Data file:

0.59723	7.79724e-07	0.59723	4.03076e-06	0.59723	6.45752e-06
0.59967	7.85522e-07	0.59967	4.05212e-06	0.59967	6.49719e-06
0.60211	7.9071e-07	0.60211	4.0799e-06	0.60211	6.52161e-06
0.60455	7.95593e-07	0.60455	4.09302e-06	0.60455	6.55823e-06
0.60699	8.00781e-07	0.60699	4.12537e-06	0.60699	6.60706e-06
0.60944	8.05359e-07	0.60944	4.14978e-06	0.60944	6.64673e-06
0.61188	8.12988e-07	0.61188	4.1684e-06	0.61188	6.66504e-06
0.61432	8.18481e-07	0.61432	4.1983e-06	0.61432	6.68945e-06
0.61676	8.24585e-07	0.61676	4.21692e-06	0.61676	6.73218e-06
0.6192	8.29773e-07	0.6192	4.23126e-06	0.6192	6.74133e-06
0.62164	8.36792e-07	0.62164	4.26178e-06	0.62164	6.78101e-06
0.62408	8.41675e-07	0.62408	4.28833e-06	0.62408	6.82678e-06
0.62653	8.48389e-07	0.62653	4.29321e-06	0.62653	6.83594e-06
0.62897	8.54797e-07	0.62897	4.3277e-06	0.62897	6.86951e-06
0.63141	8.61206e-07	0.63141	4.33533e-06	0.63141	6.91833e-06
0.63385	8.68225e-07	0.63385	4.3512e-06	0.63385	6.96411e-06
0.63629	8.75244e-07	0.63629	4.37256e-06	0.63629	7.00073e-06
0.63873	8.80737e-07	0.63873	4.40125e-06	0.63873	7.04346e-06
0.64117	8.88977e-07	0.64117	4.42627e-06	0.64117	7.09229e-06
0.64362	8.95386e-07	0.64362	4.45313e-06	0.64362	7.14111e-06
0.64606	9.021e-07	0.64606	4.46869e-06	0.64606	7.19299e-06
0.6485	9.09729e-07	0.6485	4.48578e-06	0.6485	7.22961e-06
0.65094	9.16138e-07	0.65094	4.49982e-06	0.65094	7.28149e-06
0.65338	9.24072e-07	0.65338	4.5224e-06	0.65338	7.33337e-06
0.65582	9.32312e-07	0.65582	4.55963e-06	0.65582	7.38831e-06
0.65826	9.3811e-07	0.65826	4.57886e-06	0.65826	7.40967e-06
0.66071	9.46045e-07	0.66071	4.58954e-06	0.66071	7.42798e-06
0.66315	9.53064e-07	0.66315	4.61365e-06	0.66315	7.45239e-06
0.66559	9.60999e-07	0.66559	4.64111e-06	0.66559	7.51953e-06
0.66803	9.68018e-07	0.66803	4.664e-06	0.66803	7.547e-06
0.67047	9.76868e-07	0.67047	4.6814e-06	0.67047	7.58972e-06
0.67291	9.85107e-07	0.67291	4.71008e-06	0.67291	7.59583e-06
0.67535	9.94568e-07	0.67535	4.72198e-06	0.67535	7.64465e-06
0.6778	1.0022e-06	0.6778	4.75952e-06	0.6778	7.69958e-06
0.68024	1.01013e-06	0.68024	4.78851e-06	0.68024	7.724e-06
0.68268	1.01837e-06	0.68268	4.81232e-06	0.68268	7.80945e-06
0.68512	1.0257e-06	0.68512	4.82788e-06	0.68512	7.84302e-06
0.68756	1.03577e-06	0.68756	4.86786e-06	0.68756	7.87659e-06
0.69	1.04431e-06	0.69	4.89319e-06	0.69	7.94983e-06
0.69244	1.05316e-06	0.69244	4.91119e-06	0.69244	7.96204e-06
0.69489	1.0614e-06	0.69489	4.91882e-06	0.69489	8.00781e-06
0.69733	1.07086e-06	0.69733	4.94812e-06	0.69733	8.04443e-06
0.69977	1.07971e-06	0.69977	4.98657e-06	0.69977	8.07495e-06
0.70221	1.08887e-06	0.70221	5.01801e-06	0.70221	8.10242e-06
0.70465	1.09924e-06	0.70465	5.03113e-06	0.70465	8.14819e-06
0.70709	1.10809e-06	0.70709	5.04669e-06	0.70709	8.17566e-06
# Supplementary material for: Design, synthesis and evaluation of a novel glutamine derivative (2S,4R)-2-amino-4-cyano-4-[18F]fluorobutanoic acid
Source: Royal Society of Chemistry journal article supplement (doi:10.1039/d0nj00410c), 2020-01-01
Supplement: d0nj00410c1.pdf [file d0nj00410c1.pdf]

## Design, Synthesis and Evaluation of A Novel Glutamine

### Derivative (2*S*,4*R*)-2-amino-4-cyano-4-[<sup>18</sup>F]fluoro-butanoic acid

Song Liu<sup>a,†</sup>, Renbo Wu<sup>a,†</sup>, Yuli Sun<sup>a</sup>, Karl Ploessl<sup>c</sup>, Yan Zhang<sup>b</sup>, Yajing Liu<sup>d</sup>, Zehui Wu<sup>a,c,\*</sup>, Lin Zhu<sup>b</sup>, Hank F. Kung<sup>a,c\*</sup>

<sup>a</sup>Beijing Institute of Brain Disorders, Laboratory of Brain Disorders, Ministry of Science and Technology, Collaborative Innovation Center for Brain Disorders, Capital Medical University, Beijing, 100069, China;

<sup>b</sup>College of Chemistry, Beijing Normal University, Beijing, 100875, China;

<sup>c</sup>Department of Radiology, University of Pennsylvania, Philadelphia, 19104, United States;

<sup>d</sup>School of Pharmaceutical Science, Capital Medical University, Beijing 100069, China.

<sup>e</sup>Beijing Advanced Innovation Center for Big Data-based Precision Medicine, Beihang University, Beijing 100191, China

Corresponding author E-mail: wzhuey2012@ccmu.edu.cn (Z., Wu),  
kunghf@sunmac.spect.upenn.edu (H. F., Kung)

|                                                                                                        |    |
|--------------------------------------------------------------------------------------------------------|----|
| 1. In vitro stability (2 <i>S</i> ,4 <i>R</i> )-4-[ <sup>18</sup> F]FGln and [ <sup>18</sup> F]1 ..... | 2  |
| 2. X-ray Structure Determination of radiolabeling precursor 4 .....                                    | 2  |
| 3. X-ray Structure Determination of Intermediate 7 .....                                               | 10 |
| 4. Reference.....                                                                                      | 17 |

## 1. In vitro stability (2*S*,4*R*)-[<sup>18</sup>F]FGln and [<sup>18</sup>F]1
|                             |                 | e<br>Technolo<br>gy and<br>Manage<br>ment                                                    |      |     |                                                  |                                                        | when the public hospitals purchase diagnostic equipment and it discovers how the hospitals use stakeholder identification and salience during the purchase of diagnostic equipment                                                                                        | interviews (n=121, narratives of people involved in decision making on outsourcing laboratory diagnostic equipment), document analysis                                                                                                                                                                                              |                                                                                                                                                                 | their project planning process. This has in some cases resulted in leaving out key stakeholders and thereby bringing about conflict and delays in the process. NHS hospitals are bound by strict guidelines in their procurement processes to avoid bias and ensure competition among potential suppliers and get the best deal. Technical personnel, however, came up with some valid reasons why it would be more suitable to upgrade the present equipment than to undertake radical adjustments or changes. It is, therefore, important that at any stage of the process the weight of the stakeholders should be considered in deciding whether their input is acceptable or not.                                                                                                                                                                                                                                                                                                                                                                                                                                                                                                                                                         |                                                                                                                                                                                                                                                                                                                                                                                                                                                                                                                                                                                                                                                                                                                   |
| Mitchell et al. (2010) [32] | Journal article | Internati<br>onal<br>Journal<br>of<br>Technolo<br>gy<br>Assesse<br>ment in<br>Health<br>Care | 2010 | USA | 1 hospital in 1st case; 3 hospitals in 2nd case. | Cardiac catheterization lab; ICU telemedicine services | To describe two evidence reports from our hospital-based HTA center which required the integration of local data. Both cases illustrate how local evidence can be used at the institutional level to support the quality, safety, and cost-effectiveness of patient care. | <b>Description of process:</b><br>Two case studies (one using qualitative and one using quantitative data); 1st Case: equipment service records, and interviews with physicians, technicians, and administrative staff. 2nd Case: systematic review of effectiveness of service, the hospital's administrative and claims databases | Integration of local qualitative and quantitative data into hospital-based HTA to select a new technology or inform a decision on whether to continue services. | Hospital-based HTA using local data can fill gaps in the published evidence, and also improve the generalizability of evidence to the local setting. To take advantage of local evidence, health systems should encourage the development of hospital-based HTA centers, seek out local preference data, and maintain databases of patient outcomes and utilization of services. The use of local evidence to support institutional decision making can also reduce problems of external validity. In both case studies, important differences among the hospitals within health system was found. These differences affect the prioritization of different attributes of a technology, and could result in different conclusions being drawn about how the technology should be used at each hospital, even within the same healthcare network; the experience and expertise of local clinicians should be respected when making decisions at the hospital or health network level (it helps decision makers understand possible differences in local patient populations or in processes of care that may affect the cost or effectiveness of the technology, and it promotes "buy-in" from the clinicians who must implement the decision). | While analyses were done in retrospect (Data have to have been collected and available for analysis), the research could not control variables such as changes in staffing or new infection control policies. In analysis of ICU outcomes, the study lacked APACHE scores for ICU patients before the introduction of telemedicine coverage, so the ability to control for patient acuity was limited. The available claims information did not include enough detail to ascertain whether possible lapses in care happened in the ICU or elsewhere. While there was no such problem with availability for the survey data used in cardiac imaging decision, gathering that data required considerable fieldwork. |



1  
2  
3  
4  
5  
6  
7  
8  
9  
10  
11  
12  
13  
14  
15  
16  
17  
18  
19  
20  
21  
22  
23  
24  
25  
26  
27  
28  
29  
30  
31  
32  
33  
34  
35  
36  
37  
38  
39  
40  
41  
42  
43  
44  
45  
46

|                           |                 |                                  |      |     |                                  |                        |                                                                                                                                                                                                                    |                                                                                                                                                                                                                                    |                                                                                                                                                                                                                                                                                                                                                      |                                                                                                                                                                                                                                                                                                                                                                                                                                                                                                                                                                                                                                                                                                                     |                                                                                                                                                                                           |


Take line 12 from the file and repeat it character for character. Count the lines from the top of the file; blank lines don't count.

0.62408	8.41675e-07	0.62408	4.28833e-06	0.62408	6.82678e-06